A recent NY Times article described the state ballot initiative as an attempt to follow the blueprint of the same sex marriage movement that took hold on a state by state basis.  But, having actively opposed NC’s Amendment One (trips to the legislature, fundraising/public awareness events, and authoring numerous articles), this writer finds flawed logic in that approach.  What gave the same sex marriage movement its clout was that such a prohibition was held to constitute an infringement of a same sex couple’s rights under the 14th Amendment, e.g., California’s Perry v Schwarzenegger, a matter that is actionable at the federal level (eloquently put in this article by Margaret Hoover).

Now, substitute ‘gay rights’ with ‘gun rights’.  What the ‘gun rights’ movement is claiming that placing restrictions on the purchase or carrying of firearms constitutes a violation of an individual’s Second Amendment constitutional rights.  Part of the strategy developed in this writer’s Geneva UN work was to turn the tables on the Second Amendment argument by having a second human rights committee rule that the disparate effects of gun violence in our country (especially in women, children and racial/ethnic minorities) constituted a violation of our government’s duty to protect the fundamental right to life.  One would think that any politician would welcome the opportunity to debate a woman’s, child’s, Latino’s, or African-American’s unalienable right to life versus the Second Amendment overreach any day of the week and twice on Sunday knowing how that would play out at the polls with important voting blocks.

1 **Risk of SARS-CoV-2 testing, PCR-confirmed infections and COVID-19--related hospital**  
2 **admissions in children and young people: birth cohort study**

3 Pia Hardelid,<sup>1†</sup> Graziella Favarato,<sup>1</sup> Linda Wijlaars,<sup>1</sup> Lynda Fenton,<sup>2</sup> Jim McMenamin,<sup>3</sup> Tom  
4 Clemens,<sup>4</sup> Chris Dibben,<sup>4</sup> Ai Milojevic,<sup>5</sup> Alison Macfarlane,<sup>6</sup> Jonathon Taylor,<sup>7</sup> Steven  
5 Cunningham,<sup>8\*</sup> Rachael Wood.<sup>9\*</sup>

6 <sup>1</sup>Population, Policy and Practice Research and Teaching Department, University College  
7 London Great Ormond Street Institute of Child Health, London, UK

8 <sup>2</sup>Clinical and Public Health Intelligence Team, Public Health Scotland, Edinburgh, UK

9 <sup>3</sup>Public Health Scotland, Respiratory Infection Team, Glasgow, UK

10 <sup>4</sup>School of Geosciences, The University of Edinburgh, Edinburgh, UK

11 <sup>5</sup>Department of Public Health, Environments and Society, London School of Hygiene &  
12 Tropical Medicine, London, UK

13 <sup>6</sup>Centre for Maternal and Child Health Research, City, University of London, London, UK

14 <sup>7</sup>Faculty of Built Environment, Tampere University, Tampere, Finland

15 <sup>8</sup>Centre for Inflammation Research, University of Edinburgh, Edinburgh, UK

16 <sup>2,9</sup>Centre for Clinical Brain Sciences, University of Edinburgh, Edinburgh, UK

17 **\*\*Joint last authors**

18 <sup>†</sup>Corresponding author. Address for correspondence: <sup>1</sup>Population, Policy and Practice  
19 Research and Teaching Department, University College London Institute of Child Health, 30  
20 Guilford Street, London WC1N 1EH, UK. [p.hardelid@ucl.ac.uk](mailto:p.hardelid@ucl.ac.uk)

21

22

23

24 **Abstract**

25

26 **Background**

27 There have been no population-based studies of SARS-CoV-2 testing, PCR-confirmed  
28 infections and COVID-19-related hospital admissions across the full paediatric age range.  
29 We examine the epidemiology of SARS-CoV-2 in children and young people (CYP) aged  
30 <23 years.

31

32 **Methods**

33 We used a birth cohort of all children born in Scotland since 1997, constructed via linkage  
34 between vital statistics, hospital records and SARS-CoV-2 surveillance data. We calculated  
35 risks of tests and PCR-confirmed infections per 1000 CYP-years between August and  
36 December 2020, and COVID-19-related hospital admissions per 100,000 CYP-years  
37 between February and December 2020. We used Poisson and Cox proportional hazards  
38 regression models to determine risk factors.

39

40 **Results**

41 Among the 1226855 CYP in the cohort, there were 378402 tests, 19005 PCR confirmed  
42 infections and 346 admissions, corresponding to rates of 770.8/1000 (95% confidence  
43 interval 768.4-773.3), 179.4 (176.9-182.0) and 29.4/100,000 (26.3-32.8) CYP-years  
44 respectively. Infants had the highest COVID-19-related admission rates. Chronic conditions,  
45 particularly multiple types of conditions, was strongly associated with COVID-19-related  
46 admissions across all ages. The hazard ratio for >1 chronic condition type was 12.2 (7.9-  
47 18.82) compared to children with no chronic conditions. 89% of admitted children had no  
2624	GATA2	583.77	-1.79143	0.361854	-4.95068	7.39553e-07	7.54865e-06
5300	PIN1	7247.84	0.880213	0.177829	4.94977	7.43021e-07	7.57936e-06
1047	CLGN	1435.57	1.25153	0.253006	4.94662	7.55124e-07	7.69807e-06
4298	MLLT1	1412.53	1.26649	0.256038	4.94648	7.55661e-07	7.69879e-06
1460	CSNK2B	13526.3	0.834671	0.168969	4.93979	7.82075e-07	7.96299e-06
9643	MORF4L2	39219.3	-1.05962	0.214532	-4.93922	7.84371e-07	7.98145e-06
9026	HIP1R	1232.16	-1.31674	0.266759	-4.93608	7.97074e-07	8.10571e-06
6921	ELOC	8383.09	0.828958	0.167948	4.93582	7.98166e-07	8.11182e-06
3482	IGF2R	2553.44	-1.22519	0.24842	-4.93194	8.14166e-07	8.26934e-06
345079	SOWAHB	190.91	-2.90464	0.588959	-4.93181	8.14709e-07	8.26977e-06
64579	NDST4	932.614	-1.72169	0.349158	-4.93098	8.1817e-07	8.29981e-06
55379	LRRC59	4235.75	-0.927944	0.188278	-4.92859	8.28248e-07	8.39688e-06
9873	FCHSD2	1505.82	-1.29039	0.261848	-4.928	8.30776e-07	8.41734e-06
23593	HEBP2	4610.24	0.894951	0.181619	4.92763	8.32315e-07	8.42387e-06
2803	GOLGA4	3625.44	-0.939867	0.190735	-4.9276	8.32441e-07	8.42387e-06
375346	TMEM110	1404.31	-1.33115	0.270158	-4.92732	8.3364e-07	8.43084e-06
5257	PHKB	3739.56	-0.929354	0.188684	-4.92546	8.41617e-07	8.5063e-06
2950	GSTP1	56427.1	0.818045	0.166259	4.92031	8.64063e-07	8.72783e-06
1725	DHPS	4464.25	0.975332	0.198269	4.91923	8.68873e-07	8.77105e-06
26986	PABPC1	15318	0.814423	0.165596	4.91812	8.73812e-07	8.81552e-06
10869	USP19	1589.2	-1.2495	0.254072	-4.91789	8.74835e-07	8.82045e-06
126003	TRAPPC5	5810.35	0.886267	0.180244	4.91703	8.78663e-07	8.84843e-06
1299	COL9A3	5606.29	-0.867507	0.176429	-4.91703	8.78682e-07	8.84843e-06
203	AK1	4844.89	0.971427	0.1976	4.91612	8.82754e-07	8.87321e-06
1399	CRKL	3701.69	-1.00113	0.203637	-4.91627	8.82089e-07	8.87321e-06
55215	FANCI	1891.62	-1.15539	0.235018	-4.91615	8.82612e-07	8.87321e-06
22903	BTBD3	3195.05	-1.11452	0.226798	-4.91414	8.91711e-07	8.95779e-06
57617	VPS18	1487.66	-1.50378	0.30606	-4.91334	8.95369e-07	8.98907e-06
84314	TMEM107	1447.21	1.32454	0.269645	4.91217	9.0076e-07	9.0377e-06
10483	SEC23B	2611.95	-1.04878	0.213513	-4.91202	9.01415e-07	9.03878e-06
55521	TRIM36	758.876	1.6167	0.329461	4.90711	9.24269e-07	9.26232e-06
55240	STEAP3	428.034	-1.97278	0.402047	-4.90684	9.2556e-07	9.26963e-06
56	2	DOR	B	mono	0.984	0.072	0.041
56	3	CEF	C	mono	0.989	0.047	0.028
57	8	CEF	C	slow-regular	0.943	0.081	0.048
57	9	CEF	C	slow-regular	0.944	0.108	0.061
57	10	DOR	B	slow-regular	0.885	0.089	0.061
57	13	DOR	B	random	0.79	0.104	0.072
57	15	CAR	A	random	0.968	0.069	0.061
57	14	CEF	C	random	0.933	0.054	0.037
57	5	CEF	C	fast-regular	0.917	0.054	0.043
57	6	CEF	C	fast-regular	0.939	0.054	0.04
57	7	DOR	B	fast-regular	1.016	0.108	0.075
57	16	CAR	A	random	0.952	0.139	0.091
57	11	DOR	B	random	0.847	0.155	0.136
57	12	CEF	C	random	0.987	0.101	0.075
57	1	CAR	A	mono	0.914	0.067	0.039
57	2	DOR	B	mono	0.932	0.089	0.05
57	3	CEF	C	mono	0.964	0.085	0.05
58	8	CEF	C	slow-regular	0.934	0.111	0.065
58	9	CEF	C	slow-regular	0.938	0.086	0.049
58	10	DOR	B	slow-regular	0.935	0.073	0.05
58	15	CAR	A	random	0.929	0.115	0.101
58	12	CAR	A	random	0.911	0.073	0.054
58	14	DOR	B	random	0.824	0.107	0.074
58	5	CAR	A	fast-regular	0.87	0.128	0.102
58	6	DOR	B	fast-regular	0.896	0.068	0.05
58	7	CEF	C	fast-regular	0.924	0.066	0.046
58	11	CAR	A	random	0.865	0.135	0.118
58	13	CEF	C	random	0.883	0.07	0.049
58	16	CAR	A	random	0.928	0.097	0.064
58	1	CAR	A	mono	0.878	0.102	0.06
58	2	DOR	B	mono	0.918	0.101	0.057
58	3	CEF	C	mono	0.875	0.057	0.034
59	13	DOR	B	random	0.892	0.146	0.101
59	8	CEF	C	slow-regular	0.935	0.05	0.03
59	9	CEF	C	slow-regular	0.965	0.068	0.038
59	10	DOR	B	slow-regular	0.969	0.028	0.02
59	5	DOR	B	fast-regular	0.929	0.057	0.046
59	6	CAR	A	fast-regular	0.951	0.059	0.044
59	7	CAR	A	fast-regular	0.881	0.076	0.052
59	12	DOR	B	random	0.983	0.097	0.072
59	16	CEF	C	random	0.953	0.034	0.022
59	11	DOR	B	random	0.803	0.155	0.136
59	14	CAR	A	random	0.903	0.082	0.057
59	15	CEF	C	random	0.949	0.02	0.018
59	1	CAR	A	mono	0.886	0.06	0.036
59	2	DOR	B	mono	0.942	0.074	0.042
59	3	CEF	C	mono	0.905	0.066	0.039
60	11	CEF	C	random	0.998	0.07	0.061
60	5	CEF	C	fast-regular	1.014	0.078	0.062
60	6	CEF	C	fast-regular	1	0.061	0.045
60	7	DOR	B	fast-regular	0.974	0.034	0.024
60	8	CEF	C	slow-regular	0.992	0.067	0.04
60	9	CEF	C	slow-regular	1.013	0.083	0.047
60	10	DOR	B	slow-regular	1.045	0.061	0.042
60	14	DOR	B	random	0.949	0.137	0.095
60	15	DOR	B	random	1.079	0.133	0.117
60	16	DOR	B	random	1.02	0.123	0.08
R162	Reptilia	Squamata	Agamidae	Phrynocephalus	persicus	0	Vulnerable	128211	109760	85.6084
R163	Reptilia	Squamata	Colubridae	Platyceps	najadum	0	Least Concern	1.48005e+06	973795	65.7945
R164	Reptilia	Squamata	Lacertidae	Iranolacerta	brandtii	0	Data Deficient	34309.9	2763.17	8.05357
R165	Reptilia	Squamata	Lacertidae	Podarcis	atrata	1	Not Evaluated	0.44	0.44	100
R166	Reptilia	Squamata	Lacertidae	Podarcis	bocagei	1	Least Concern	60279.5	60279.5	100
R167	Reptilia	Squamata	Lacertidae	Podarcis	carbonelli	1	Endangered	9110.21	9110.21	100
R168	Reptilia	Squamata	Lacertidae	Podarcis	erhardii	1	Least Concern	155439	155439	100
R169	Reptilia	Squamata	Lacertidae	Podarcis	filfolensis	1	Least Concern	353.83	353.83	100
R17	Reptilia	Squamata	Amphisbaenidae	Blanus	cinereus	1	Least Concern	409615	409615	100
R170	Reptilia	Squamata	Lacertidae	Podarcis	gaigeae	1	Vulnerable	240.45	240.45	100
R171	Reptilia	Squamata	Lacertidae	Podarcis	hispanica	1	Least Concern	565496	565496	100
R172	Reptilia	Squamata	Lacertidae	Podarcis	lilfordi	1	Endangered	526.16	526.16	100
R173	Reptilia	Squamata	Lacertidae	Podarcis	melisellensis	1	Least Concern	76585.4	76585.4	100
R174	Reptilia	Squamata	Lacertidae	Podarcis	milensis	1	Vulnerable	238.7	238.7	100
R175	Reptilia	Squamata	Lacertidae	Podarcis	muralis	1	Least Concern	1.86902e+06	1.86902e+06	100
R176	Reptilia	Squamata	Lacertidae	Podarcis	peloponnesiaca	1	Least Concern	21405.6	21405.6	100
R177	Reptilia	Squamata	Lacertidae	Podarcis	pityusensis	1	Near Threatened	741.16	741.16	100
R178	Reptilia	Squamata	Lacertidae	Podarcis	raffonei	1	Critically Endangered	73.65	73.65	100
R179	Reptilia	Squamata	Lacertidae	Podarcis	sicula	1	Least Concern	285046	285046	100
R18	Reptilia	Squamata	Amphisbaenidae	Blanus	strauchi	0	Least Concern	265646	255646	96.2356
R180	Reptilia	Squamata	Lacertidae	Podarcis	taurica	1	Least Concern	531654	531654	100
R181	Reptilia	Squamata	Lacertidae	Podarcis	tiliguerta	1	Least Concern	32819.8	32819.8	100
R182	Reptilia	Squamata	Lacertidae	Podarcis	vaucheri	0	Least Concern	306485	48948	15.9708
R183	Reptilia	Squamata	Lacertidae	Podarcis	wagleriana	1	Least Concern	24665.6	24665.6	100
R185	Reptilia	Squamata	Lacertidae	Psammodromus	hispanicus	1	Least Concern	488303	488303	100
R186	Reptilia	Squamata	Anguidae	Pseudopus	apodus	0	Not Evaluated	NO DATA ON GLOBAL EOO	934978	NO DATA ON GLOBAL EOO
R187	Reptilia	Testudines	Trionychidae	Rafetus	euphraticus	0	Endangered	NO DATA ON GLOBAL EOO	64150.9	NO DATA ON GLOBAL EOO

Deployment of Capital

There is a phrase used in science and statistics that correlation does not imply causation that should be considered in the large sums of money that have been spent in political races on the gun control/gun rights issue.  How is it possible for the NRA to have had such an abysmal return (0.83%) on the $11,785,919 it invested in political campaigns in 2012, and just two years later a North Carolina columnist, citing the $5.5 million spent by the NRA to defeat Kay Hagan in the 2014 senate race (who voted in favor of Manchin-Toomey), stating that “The NRA not only delivered retribution against Hagan.  It also sent a message to all other politicians that the gun lobby is not to be crossed.”   From impotence to threat in just two years?  Or was the difference a function of the election cycle and poor tactics?

Hagan wasn’t the only example.  Americans for Responsible Solutions (ARS – former Congresswoman Giffords political PAC and gun violence prevention organization) was reported to have spent over $2 million in her former district in support of Ron Barber, a former aide of Giffords who was injured during her attempted assassination in 2011.  Barber lost to Martha McSally, a candidate that publicly opposed closing the background check loophole, even describing it as not being a loophole – closing that ‘loophole’ is a key ARS objective.  McSally carried the former Congresswoman’s district in a close race regardless of the money spent or polling showing that nearly 9 out of 10 voters in that district thought that background checks on all gun sales was an ‘excellent or good idea’.